Kerr: So let's say you could get in through somebody's chimney. No one would think, "Oh, the chimney's open. I'll just go in there." And how do you know that the chimney is out of bounds? It's because of our social experience that tells us that entering is through a door, not through a chimney. We don't have labels that say that. That's just our common experience. The tricky part is that you have to identify what are these norms. What are these social practices and understandings they govern? And it's tough for judges because the judges are not tech savvy, they don't use computers as much as a lot of other people do; so they're kind of in the position of the proverbial martian from outer space trying to figure out if it would be okay to enter a house through a chimney.
Passcode: So, how should judges be defining the norms?
Kerr: I think you need to classify the kind of virtual space. I think it's critical to realize that websites are different from authenticated accounts. A physical example of this would be, let's say you see a flower store and you want to go in and buy flowers. We think it’s OK to peer into the window, and see if there's anyone inside. And then you can try the handle of the door and open it, and if there's nobody inside you can walk around the store. That's all considered totally fine, it's what everybody does. But that would be clearly a trespass if you did it at somebody's private home. We have a totally different set of understanding of what a store is and what a house is.
And so, my argument is that we need to make the same kind of context sensitive point on the Internet websites are intrinsically public. When you post something on a website, you publish it to the world and it's not a trespass to visit your website. On the other hand, once you set up individualized accounts, you’re creating a private space. I see that as really the dividing line between an open Internet and a closed Internet.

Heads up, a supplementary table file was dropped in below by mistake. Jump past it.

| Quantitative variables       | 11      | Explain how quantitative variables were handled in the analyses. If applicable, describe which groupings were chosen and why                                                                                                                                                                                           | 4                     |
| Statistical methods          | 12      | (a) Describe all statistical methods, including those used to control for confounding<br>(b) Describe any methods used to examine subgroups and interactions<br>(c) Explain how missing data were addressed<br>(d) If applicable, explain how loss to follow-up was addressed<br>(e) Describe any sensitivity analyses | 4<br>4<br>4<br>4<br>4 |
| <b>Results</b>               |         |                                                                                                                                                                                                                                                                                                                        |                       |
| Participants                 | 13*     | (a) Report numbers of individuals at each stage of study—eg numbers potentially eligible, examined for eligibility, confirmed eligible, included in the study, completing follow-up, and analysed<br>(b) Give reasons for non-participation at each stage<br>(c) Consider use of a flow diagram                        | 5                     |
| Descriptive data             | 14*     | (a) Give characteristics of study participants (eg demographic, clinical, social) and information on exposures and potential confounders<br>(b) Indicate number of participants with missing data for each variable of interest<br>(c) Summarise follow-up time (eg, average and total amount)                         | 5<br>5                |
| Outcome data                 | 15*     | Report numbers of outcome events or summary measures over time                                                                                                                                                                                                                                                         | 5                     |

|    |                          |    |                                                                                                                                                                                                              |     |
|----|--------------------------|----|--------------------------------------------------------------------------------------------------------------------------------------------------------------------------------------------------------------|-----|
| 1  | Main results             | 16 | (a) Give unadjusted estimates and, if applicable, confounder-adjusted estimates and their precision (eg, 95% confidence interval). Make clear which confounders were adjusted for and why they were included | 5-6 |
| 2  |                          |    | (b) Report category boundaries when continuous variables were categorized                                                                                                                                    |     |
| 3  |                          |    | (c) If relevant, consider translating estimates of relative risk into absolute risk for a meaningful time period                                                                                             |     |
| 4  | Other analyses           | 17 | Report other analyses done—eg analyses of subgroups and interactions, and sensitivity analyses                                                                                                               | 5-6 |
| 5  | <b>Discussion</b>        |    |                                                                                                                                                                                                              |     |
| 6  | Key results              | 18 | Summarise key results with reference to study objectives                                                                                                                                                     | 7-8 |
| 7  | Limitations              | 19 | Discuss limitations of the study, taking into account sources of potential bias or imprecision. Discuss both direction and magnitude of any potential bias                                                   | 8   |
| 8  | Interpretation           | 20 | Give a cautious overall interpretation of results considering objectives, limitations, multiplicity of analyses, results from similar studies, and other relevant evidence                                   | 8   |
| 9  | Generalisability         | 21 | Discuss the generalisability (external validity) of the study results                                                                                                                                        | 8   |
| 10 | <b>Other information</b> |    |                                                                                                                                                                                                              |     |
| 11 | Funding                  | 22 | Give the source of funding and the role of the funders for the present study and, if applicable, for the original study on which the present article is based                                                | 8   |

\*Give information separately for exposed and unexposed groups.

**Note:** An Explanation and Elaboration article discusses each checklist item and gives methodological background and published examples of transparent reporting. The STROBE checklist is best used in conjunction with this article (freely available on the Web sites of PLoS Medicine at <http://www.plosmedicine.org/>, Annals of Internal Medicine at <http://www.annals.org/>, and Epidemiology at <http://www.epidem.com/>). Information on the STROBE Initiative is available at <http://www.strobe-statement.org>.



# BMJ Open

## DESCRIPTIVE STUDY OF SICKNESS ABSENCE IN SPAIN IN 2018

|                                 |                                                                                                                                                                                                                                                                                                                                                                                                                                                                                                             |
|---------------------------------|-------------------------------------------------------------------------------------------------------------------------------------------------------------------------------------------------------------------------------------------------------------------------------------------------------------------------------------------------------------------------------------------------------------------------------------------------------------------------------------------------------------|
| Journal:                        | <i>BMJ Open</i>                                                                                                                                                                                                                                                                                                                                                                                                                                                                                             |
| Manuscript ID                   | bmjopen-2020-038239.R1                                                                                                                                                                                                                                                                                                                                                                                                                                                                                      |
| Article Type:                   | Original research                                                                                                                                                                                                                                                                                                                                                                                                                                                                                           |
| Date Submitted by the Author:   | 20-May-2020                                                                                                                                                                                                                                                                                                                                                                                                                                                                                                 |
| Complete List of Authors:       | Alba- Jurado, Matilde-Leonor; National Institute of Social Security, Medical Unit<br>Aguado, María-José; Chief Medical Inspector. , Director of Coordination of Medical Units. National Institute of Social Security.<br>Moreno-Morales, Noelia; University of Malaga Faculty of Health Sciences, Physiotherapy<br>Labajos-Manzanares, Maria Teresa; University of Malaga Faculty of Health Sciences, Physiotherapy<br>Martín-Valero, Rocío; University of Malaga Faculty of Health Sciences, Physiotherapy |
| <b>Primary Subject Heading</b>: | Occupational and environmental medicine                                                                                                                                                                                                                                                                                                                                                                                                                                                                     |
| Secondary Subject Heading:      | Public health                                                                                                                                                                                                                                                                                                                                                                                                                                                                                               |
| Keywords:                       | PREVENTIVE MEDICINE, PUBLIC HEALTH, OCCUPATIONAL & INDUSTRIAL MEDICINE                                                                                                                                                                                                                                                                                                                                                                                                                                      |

Passcode: In the paper, you apply that standard to well known CFAA cases, including Andrew 'weev' Auernheimer taking data from a publicly visible website and Aaron Swartz possibly abusing the Massachusetts Institute of Technology network to download academic papers in bulk. And you come up with interesting results.
Kerr: I represented [Auernheimer] on appeal, so it will not be surprising I think that accessing a publicly available website is not unauthorized access and it was legal to visit the website.
With Aaron Swartz, once you have an account-based system, which the MIT network did, there’s a clear way that [the network owners] can withdraw access from the use of that account. Swartz was somebody who kept creating a new accounts each time his last one was canceled. I argue that at some point so many repeat cancellations would signal that the computer owner wanted the user to get off the network, and that that point had been crossed in the Swartz case. So whether it should have been a felony is a different question, but I think it should have been an unauthorized access.
Passcode: You’ve been very active soliciting comments on this draft paper, including posting the abstract to a Washington Post blog you contribute to. Why is public comment so important for this paper, specifically?
Kerr: I would love feedback especially from non-lawyer audiences to the article. It’s sort of funny lawyer view, an article that kind where the premise is, "Hey, lawyers, you should be listening to the non-lawyers: Listen to the computer nerd." I'd love to hear from more computer people – anyone reading this – about whether they think that I've accurately captured the norms.